Friday, March 26, 2010

>Emerging countries: a multispeed recovery

Drawn into the same depressive spiral as the developed economies in fall-winter 2008-09, the
emerging economies(1) recovered more quickly and robustly. As of Q2 2009, real GDP growth rates had returned to about 10% qoq annualised. The ones of advanced economies did not return in positive territory until Q3 2009, with real GDP growth rates of less than 2%.

Within the emerging economies, Asian countries have already completed the catch-up phase. With the exception of Argentina and Venezuela, Latin American countries are about to follow in the second half of 2010. Eastern Europe will probably continue to lag behind, hampered by sluggish growth in Western Europe coupled with financial instability within the Euro Zone since the beginning of the year.

Looking beyond these divergent paths, it is worth asking whether the emerging regions, including Asia, have the capacity to fuel world growth over the long term if the recovery were to falter in the main advanced economies.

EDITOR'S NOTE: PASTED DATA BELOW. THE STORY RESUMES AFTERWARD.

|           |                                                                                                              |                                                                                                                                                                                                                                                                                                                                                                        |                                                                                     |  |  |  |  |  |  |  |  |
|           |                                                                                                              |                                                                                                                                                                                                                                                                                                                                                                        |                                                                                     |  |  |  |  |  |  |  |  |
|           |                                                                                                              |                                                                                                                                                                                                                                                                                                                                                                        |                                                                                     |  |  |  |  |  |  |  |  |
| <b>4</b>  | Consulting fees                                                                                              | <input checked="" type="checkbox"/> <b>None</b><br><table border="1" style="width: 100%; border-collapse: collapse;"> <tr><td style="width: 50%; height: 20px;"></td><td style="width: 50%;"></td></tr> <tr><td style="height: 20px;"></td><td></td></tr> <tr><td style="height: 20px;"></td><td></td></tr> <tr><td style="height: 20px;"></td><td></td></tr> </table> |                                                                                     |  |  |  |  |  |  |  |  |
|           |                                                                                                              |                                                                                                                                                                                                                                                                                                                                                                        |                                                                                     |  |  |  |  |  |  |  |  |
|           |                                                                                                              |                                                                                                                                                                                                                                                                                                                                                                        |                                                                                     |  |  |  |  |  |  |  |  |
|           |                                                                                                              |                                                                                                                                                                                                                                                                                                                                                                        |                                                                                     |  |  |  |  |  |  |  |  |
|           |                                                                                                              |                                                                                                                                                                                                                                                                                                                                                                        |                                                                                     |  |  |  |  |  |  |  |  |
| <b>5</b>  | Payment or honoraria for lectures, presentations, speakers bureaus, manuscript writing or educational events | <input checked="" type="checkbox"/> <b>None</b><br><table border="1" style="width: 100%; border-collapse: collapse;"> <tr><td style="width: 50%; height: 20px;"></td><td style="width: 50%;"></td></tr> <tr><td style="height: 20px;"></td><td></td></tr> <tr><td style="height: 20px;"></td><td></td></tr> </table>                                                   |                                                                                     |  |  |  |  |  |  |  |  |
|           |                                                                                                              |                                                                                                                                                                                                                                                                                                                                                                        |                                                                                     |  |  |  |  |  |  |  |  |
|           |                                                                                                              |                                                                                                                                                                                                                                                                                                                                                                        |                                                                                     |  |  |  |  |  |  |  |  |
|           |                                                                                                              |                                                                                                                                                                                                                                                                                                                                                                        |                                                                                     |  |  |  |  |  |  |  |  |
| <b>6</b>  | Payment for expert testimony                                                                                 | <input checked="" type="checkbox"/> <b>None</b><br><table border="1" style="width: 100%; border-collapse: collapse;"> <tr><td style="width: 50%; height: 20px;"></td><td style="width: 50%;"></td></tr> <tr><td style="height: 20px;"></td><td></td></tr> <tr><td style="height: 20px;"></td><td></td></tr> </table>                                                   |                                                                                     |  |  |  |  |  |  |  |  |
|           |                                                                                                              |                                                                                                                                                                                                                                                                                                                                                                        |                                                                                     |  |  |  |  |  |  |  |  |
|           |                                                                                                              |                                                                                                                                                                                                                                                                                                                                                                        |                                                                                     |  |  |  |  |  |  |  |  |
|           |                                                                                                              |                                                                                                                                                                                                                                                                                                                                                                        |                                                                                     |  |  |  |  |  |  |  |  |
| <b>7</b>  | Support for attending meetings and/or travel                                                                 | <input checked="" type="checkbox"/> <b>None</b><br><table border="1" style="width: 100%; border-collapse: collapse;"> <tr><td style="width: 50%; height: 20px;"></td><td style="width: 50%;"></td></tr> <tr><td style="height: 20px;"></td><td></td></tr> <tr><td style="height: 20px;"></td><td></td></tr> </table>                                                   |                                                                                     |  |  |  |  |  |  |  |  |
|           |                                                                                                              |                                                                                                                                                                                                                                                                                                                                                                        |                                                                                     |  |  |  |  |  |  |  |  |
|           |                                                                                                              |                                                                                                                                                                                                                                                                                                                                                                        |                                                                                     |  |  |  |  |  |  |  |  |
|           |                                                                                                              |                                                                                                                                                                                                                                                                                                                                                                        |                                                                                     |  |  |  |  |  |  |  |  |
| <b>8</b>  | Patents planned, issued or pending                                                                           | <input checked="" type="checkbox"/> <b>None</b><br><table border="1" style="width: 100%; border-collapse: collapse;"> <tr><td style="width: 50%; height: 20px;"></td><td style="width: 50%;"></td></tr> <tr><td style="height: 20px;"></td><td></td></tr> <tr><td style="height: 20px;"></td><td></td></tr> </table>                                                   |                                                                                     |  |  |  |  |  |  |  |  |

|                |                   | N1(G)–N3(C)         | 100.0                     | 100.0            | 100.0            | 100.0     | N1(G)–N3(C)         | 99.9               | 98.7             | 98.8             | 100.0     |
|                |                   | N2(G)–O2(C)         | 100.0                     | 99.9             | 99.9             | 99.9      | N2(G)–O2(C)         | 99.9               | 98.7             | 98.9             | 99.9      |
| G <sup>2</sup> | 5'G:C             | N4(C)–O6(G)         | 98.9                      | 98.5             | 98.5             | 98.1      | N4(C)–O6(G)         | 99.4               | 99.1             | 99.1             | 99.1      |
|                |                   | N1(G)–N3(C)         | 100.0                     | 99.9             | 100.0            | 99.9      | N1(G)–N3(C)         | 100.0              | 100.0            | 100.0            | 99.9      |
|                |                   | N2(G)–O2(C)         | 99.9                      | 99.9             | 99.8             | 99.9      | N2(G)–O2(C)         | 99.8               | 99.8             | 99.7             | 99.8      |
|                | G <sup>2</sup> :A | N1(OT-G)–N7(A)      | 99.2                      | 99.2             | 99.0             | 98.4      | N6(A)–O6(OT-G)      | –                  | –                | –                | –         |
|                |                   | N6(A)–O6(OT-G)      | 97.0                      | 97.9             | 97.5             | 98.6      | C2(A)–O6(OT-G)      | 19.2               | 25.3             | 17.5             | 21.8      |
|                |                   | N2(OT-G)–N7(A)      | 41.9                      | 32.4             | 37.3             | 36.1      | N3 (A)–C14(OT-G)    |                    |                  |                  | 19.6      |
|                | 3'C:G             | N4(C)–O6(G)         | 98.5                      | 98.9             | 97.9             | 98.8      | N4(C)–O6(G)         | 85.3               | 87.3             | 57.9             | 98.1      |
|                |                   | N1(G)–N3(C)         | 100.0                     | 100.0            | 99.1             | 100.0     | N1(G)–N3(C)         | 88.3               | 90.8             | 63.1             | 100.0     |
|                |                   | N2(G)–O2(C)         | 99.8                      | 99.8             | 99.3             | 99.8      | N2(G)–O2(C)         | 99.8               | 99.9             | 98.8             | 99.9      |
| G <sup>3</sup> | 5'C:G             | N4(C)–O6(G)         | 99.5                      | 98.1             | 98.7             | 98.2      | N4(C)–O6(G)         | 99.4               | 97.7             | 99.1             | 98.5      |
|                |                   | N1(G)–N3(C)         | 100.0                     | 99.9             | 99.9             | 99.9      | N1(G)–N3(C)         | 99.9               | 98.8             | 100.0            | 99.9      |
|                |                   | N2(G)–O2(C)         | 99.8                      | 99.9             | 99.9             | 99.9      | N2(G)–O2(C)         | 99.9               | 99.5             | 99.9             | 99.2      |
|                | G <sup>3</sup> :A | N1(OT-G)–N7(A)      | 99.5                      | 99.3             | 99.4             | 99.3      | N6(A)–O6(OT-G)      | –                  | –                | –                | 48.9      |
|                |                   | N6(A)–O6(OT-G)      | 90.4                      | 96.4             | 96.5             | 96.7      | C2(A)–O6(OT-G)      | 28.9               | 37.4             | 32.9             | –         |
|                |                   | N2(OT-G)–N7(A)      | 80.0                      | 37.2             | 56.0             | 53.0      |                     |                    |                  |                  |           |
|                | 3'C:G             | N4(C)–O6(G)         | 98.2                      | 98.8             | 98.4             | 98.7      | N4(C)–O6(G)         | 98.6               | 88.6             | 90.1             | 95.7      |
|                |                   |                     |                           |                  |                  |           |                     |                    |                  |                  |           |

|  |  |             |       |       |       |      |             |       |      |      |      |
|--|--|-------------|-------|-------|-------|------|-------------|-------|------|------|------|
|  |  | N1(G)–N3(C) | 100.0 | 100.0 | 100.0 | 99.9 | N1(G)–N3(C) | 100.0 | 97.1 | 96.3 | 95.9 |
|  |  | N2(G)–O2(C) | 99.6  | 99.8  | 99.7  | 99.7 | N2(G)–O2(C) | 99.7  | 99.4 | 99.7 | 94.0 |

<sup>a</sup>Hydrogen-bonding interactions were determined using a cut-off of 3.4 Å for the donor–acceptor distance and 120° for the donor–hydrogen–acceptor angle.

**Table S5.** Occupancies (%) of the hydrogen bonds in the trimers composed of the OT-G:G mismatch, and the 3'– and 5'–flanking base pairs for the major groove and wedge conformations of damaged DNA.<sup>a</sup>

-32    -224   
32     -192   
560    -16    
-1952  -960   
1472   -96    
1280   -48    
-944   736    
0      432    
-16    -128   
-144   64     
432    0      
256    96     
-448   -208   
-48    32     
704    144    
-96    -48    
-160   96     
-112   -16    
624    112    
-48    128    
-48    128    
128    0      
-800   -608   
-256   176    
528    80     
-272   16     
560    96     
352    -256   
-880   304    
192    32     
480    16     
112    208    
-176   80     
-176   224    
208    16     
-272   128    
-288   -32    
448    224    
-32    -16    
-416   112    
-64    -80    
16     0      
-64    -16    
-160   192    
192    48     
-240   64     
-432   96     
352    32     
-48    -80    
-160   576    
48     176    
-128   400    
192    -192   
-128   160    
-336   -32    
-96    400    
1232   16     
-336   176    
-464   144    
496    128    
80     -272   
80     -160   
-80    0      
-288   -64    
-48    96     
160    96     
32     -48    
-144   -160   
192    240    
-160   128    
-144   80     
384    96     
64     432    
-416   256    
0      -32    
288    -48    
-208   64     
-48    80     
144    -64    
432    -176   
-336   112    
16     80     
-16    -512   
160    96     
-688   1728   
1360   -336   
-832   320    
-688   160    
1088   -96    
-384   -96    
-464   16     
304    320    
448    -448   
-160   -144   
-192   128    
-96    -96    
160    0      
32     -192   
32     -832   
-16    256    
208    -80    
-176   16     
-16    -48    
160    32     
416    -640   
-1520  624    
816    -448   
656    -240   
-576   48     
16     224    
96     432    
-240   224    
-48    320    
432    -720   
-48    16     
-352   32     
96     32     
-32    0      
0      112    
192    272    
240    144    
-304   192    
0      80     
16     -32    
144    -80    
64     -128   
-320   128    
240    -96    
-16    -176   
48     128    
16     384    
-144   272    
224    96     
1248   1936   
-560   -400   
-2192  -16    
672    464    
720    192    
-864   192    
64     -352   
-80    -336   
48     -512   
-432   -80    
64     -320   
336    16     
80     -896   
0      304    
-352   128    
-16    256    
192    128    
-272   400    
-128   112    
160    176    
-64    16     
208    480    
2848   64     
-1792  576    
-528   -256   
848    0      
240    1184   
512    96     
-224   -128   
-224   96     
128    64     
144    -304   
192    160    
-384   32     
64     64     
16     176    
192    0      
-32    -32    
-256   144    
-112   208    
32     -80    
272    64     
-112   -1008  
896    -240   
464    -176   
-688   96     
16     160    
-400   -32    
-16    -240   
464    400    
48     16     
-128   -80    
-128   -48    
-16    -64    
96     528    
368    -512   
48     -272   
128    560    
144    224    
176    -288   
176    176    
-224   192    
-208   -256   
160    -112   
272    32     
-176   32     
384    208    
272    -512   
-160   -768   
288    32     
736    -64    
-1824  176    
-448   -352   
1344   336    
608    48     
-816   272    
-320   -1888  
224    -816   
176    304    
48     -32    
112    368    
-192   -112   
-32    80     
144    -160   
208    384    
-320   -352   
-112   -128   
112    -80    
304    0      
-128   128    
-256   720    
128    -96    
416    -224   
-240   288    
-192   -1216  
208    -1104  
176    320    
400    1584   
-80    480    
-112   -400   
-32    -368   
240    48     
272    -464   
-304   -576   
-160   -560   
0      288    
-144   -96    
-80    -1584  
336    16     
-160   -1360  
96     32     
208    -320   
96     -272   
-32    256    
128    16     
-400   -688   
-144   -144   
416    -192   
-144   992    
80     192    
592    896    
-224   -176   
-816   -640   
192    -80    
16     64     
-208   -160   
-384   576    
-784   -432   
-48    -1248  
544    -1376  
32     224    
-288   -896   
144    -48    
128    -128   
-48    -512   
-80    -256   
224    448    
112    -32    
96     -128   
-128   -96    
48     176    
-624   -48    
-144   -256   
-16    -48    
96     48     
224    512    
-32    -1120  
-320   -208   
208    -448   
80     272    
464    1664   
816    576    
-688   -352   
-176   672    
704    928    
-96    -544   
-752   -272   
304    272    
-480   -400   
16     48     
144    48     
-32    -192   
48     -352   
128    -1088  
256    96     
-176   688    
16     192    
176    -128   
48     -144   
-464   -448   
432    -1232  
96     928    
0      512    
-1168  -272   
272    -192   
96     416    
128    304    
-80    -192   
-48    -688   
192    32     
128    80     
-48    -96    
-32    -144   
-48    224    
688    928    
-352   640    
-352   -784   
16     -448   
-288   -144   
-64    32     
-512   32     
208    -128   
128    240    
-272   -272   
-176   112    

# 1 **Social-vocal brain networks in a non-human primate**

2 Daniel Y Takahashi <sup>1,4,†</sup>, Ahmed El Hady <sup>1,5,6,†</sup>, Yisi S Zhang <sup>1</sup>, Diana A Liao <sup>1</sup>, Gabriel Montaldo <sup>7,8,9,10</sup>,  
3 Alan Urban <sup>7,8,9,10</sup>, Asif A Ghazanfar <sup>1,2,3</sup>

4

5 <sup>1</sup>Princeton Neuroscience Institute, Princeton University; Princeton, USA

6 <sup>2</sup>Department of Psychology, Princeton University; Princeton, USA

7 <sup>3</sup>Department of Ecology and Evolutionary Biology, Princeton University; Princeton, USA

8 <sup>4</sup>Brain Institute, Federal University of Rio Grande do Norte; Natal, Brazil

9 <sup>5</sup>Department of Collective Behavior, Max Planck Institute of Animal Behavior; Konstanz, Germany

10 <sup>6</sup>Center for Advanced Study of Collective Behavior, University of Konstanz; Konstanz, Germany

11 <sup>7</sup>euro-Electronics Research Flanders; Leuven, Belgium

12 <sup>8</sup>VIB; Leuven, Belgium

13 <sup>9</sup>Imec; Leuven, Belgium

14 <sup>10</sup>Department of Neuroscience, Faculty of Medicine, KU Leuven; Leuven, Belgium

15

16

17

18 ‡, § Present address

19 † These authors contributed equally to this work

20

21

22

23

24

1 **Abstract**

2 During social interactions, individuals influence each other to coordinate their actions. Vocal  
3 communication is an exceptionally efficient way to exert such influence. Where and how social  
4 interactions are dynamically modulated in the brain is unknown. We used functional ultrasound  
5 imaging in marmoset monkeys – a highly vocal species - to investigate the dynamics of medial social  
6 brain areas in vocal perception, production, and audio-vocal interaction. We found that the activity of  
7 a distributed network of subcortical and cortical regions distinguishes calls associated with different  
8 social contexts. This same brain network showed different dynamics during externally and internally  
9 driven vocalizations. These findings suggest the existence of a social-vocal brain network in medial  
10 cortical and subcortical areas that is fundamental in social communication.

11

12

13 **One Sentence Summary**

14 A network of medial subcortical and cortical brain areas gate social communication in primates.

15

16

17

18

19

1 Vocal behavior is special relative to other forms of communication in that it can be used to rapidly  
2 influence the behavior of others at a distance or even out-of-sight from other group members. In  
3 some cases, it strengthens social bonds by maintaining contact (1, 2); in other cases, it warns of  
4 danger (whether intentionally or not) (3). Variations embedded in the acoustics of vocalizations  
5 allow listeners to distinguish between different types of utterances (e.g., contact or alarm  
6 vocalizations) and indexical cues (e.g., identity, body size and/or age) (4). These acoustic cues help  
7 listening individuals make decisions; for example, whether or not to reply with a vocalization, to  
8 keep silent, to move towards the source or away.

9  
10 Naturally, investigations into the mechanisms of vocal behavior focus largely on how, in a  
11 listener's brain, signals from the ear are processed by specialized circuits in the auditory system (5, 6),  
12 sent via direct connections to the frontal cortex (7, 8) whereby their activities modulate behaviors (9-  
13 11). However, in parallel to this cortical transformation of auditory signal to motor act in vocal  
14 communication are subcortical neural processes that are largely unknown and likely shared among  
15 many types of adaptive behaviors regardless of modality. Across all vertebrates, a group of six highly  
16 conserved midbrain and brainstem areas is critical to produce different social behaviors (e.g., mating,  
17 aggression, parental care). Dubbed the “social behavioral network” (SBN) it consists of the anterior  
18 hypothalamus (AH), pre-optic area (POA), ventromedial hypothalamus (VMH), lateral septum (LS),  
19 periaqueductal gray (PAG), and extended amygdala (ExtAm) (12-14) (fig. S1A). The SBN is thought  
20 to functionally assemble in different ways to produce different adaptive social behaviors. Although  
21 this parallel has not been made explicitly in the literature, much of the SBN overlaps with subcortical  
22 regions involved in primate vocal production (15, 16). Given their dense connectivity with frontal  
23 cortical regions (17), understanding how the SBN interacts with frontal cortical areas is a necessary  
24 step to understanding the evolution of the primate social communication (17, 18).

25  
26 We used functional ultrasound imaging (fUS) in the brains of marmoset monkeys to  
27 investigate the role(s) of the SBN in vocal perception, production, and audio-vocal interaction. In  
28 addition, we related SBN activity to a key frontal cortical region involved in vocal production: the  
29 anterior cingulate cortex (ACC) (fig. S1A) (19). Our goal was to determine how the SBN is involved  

In this overview, we will first examine the cyclical situation and prospects of the emerging countries (Part I), before reviewing the main risk factors for our central scenario for these countries (Part II). In a future issue of Conjuncture, we will look at the preliminary lessons that
can be drawn from the impact of the crisis on country risk.

Cyclical situation and prospects for the emerging countries

Still driven by Asia, the recovery is consolidating

Since spring 2009, trends in the emerging countries have begun to decouple again from those
in the developed countries. The emerging countries returned to growth rates of over 10% qoq annualised as of Q2 2009, while the developed countries did not begin to recover until Q3, with growth rates of less than 2% (see Table 1).

Based on partial data, industrial growth slowed in Q4 2009, as was to be expected after the strong rebound in Q2 and Q3, although the growth differential was maintained between the emerging and developed countries. At year-end 2009, industrial production in the advanced countries was still 14% below spring 2008 levels, whereas even excluding China, production had declined only 3% in the emerging countries (see Chart 1). In early 2010, Asia is the only region that is no longer formally in a catch-up phase (see Chart 2). Catch-up phases are likely to last through mid 2010 in Latin America, and at best through the end of 2010 or early 2011 in Eastern Europe.

To read the full report: MULTISPEED RECOVERY